War both needs and generates certain virtues; not the highest, but what may be called the preliminary virtues, as valor, veracity, the spirit of obedience, the habit of discipline. Any of these, and of others like them, when possessed by a nation, and no matter how generated, will give them a military advantage, and make them more likely to stay in the race of nations.
For in a swift radiance of illumination he saw a glimpse of human struggle and valor. Of the endless fluid passage of the humanity through endless time. And of those who labor and of those who - one word- love. His soul expanded. But for a moment only. For in him, he felt a warning, a shaft of terror.
Successful or not, acts of physical courage always bring honor. It is the smaller forms of valor - standing up for principle at the risk of social disapproval, economic loss or injury to career - that require the greatest moral will power. Since there is usually little upside to winning and a significant and often lasting downside to losing, moral courage often requires as much character as physical bravery.
A good friend, who knows whereof he speaks, has observed of trials, 'If it's fair, it is not a true trial!' That is, without the added presence of some inexplicableness and some irony and injustice, the experience may not stretch us or lift us sufficiently. The crucifixion of Christ was clearly the greatest injustice in human history, but the Savior bore up under it with majesty and indescribable valor.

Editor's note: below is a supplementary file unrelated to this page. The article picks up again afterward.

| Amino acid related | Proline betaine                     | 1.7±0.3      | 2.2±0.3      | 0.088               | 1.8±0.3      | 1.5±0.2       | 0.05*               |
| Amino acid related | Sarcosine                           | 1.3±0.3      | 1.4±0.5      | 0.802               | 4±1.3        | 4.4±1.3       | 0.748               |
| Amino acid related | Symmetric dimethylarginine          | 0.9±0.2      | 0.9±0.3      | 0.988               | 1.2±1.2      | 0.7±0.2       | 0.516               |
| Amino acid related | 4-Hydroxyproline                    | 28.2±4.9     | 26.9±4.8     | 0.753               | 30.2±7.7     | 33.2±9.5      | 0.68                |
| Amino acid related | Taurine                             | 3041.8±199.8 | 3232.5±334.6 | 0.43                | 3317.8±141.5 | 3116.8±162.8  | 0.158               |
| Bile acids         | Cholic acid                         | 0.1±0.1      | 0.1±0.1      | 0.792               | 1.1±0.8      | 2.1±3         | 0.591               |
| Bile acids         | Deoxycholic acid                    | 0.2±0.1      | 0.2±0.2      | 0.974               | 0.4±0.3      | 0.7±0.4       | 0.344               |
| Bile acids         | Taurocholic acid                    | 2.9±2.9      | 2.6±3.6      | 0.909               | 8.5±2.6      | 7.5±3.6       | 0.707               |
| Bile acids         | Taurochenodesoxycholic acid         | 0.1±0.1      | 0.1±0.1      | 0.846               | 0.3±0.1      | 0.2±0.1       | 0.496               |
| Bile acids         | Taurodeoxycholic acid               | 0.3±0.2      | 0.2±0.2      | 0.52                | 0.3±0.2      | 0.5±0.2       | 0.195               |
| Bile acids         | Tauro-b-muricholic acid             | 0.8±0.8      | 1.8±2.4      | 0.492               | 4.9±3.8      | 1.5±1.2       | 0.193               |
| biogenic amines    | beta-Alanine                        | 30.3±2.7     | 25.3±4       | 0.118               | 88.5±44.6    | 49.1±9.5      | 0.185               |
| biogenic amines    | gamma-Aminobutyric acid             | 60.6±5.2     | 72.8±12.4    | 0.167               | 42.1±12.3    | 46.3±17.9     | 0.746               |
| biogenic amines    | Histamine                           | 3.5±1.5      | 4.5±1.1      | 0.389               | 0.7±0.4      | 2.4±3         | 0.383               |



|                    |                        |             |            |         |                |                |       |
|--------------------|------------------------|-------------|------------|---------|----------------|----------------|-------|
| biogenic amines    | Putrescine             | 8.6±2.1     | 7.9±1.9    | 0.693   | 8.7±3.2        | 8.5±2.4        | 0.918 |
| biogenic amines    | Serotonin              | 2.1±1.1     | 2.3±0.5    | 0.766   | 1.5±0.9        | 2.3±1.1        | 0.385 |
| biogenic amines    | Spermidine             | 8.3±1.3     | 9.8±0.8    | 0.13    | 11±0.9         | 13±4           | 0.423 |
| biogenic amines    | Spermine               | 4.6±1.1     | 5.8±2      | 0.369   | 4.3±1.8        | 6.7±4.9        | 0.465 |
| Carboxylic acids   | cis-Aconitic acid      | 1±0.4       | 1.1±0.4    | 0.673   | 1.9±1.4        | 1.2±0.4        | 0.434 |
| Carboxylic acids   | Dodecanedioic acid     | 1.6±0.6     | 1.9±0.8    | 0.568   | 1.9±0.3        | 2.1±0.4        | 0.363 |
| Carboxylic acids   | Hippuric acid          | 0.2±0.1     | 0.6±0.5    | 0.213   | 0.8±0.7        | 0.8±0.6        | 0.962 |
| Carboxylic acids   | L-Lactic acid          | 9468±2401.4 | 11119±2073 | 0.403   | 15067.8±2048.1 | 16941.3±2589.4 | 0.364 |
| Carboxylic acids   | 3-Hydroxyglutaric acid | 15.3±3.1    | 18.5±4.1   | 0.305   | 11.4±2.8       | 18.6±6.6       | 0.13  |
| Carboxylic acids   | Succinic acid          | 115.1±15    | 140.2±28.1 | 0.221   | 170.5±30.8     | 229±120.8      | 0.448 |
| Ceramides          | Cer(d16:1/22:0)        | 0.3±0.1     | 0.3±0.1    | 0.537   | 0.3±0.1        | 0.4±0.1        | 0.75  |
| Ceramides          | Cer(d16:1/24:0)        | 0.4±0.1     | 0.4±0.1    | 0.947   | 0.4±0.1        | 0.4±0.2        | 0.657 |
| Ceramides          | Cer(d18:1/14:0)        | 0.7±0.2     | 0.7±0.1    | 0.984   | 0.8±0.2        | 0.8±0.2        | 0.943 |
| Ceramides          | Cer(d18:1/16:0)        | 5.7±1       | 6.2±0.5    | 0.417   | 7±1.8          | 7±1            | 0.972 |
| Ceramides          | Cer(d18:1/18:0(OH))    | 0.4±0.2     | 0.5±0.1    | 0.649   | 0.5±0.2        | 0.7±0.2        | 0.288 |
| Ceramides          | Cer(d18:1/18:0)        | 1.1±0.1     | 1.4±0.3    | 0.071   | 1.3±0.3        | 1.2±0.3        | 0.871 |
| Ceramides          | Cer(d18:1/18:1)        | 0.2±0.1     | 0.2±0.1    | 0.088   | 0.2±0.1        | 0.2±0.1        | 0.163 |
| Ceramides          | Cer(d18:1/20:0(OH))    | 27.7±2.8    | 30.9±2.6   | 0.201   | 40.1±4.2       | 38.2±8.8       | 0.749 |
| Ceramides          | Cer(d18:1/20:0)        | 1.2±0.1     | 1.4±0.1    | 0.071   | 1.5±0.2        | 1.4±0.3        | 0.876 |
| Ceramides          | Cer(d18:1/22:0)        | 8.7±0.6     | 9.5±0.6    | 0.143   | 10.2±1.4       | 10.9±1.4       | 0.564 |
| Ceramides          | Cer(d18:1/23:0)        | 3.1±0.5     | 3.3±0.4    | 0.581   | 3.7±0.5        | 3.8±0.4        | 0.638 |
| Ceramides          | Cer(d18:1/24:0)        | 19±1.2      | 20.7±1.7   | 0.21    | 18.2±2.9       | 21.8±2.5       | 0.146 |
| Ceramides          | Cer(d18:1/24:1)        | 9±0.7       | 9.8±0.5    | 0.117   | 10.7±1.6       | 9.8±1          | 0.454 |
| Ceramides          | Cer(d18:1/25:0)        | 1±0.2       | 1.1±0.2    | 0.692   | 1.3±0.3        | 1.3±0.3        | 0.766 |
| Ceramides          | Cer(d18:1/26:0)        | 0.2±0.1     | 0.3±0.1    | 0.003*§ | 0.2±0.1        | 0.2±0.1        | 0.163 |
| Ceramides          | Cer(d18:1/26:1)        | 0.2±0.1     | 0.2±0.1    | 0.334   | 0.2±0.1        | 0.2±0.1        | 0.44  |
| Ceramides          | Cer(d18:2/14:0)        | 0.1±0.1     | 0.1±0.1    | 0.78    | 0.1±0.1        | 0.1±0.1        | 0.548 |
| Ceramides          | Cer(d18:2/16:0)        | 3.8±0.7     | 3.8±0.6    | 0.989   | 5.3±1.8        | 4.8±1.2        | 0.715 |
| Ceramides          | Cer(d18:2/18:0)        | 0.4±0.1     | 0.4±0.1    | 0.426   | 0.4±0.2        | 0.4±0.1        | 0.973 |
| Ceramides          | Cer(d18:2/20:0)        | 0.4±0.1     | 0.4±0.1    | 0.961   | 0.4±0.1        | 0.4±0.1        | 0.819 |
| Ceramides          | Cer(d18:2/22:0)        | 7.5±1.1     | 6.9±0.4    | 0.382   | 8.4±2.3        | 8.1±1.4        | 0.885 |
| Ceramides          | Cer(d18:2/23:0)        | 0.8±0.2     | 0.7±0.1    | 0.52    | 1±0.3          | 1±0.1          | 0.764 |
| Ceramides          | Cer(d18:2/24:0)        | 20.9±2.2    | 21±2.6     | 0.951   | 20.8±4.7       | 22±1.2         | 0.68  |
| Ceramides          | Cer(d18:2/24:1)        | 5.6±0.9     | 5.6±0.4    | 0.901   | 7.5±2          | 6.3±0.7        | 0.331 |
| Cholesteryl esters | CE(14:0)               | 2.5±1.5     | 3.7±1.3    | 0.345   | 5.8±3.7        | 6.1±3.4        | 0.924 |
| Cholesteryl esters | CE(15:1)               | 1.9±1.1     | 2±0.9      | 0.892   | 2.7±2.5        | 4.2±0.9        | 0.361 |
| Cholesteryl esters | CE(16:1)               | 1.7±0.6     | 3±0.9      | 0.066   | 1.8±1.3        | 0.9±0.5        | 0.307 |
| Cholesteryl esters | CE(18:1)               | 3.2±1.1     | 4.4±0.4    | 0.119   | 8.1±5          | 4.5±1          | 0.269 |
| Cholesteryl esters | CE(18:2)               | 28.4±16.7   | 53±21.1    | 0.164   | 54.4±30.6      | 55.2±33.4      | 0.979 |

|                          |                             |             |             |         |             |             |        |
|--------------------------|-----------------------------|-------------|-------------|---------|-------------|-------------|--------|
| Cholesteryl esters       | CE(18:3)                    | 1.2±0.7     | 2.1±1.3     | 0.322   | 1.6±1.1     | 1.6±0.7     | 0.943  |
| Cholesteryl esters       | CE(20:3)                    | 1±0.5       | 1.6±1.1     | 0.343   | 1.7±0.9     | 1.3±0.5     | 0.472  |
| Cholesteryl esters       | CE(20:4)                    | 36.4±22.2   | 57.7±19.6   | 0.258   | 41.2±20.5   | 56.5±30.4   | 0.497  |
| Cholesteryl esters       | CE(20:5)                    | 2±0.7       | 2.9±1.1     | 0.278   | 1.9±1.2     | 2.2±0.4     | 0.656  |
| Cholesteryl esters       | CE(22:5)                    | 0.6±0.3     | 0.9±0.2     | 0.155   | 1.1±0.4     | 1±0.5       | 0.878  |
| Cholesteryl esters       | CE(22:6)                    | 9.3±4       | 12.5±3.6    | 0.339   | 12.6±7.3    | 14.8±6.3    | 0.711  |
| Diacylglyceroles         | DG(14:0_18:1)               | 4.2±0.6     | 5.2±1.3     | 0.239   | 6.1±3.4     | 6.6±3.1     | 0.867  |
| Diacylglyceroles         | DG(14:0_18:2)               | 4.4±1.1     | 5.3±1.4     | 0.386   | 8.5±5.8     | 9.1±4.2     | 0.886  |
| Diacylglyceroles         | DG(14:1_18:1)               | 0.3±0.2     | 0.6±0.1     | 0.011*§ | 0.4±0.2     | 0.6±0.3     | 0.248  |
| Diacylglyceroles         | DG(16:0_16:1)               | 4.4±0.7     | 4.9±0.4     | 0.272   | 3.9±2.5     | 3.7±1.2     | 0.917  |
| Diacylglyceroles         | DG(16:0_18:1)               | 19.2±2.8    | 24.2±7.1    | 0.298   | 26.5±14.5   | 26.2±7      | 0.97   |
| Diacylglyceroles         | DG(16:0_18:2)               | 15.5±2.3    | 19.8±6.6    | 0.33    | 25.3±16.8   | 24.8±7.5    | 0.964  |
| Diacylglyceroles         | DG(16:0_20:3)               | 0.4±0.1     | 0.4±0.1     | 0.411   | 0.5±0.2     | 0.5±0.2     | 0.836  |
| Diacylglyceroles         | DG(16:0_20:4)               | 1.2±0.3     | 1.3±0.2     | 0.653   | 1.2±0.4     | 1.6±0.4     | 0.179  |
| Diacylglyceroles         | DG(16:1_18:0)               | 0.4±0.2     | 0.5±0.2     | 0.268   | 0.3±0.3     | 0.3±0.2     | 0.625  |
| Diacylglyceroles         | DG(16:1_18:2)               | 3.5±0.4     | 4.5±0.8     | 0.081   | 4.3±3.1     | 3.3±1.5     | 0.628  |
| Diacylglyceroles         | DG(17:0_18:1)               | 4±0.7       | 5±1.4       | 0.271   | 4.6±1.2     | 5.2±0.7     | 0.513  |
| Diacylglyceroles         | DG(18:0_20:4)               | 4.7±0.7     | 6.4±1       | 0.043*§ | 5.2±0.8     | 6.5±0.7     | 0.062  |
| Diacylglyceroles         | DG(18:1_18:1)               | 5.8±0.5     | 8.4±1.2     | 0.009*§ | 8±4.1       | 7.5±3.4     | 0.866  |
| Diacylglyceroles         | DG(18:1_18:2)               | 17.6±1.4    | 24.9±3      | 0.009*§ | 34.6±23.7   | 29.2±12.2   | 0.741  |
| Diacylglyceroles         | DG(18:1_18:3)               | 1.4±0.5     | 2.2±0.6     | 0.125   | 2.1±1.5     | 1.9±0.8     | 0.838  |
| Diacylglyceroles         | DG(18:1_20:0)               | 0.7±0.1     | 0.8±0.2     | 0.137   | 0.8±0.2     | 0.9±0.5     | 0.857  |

I have never been able to think of the day as one of mourning; I have never quite been able to feel that half-masted flags were appropriate on Decoration Day. I have rather felt that the flag should be at the peak, because those whose dying we commemorate rejoiced in seeing it where their valor placed it. We honor them in a joyous, thankful, triumphant commemoration of what they did.
I am less affected by their heroism who stood up for half an hour in the front line at Buena Vista, than by the steady and cheerful valor of the men who inhabit the snow-plow for their winter quarters; who have not merely the three-o'-clock-in-the-morning courage, which Bonaparte thought was the rarest, but whose courage does not go to rest so early, who go to sleep only when the storm sleeps or the sinews of their iron steed are frozen.